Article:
Customers trickle in, grabbing six-packs out of the fridge in the corner or getting growlers of beer filled to take home for the holiday. Chris Olson of Brookland stops in to replenish a pair of 64-oz. DC Brau opened in 2009 as the first business to brew, package, and distribute its beer in D.C. proper in more than five decades. Additional breweries followed, and with them came distilleries, cideries, and other craft alcohol producers. These businesses have sprung up along Rhode Island Avenue and just across the train tracks on Bladensburg Road and New York Avenue, many of them in old warehouses and industrial spaces. They’re joined by City Winery and, down the street in the Arboretum neighborhood, Supreme Core Cider. Beyond a bit of healthy competition, the concentration of booze makers has also fostered a sense of unity, according to the roughly half a dozen brewers and distillers who spoke with DCist.

Franklins laid the groundwork for the downtown areas craft alcohol scene more than a decade ago. Owner Mike Franklin opened a general store in 1992, and was ahead of his time in selling a variety of craft beer for off-site enjoyment. Franklin says “Maryland Sen. Paul Pinsky, (D-Prince Georges), sponsored state legislation to allow for a liquor license in a specific area of Hyattsville, located in his district that would allow retail businesses to also sell beer made on-site”. The brewpub owner says “the development of Hyattsville’s arts and entertainment district eventually helped to draw other producers, including Vigilante Coffee Co. Streetcar 82 Brewing Co, a deaf-owned operation, began serving this summer and held its grand opening in September”. Ken Carter, owner of Maryland Meadworks and a longtime Franklin’s patron officially opening Maryland Meadworks in October. It was a “conundrum” when DC Brau opened in 2009, DC Brau co-founder Brandon Skall recalls. “We were able to sell beer to-go to people, but couldn’t sell them beer for here, and we couldn’t even let them taste beer from here,” he says.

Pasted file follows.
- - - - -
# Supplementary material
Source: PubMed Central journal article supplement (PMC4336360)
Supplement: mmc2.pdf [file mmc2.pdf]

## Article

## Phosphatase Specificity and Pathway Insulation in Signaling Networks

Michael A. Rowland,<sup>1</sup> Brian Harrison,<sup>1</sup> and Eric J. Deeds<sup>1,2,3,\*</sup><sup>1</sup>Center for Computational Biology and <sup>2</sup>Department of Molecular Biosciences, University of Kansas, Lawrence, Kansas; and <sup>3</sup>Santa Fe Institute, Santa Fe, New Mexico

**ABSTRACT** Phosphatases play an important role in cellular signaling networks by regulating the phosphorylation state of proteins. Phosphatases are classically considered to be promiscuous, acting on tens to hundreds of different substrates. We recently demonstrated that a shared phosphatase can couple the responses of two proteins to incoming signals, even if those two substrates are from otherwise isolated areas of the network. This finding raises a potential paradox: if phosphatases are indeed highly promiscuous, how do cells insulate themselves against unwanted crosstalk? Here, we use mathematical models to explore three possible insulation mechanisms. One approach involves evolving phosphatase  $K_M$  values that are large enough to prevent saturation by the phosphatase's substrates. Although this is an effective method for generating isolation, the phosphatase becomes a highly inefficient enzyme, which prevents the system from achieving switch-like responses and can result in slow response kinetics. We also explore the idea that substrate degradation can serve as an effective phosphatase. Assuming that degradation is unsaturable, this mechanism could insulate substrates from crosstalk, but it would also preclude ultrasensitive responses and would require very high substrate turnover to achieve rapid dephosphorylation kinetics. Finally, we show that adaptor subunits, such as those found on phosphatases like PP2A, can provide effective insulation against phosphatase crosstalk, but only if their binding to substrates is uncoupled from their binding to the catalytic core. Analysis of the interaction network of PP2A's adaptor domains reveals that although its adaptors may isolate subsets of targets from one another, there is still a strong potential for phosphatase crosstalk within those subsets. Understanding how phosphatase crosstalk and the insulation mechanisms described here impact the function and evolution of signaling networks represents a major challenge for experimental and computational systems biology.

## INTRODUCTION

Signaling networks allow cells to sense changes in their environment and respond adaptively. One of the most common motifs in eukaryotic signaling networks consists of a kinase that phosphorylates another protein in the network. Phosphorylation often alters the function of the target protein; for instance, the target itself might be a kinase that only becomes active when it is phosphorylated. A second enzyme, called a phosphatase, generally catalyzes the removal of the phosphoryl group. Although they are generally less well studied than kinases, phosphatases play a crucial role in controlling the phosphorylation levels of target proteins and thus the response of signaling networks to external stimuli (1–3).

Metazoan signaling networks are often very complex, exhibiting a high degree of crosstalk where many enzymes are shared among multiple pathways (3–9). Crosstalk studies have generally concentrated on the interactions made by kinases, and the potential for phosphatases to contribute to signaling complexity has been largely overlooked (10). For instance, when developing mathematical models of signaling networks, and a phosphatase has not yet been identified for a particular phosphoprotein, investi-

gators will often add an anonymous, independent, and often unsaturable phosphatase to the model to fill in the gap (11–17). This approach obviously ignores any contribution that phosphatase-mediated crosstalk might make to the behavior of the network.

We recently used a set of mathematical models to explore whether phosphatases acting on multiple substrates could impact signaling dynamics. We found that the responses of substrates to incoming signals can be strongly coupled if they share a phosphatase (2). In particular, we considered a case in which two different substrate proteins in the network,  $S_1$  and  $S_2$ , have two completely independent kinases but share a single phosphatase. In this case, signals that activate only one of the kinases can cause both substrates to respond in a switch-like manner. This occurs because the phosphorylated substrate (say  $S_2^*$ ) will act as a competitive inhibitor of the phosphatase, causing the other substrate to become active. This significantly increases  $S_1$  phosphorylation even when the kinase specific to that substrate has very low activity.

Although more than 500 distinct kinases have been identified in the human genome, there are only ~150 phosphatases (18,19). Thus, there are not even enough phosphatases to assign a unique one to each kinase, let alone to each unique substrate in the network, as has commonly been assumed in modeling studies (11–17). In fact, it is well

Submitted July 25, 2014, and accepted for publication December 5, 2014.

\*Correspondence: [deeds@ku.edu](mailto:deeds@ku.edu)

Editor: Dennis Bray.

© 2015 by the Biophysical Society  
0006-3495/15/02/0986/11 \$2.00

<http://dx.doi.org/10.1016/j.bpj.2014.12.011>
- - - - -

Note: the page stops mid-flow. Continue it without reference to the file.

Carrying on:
Harry Thomas Jr., who introduced the Brewery Manufacturer’s Tasting Permit Amendment Act of 2011, which would enable production breweries to serve small samples on-site. Three years later, the council expanded that freedom to allow breweries to sell and pour pints. Thomas successor Kenyan McDuffie has carried the torch in his ward, which includes most of the city’s alcohol makers. ISkall of DC Brau and John Uselton, co-founder of Green Hat Gin maker New Columbia Distillers, both say “the arrival of peers in the industry has made it easier to lobby successfully to change the rules for what they can do”. When New Columbia first opened in 2012, it was the first spirits maker to open in the District post-Prohibition. It was tougher to get lawmakers ears as the city’s lone distiller, Uselton co-founder of Green Hat Gin maker new Columbia Distillers says. “Once we got a couple of distilleries, we were really able to get our voice heard by Council”. “There’s now more than half a dozen in the District, and that’s brought some sense of camaraderie among most of them”, Uselton says. The entrepreneurs there have arrived amid a wave of development driving up property values and bringing new residential and retail investments to a historically black, low-income neighborhood.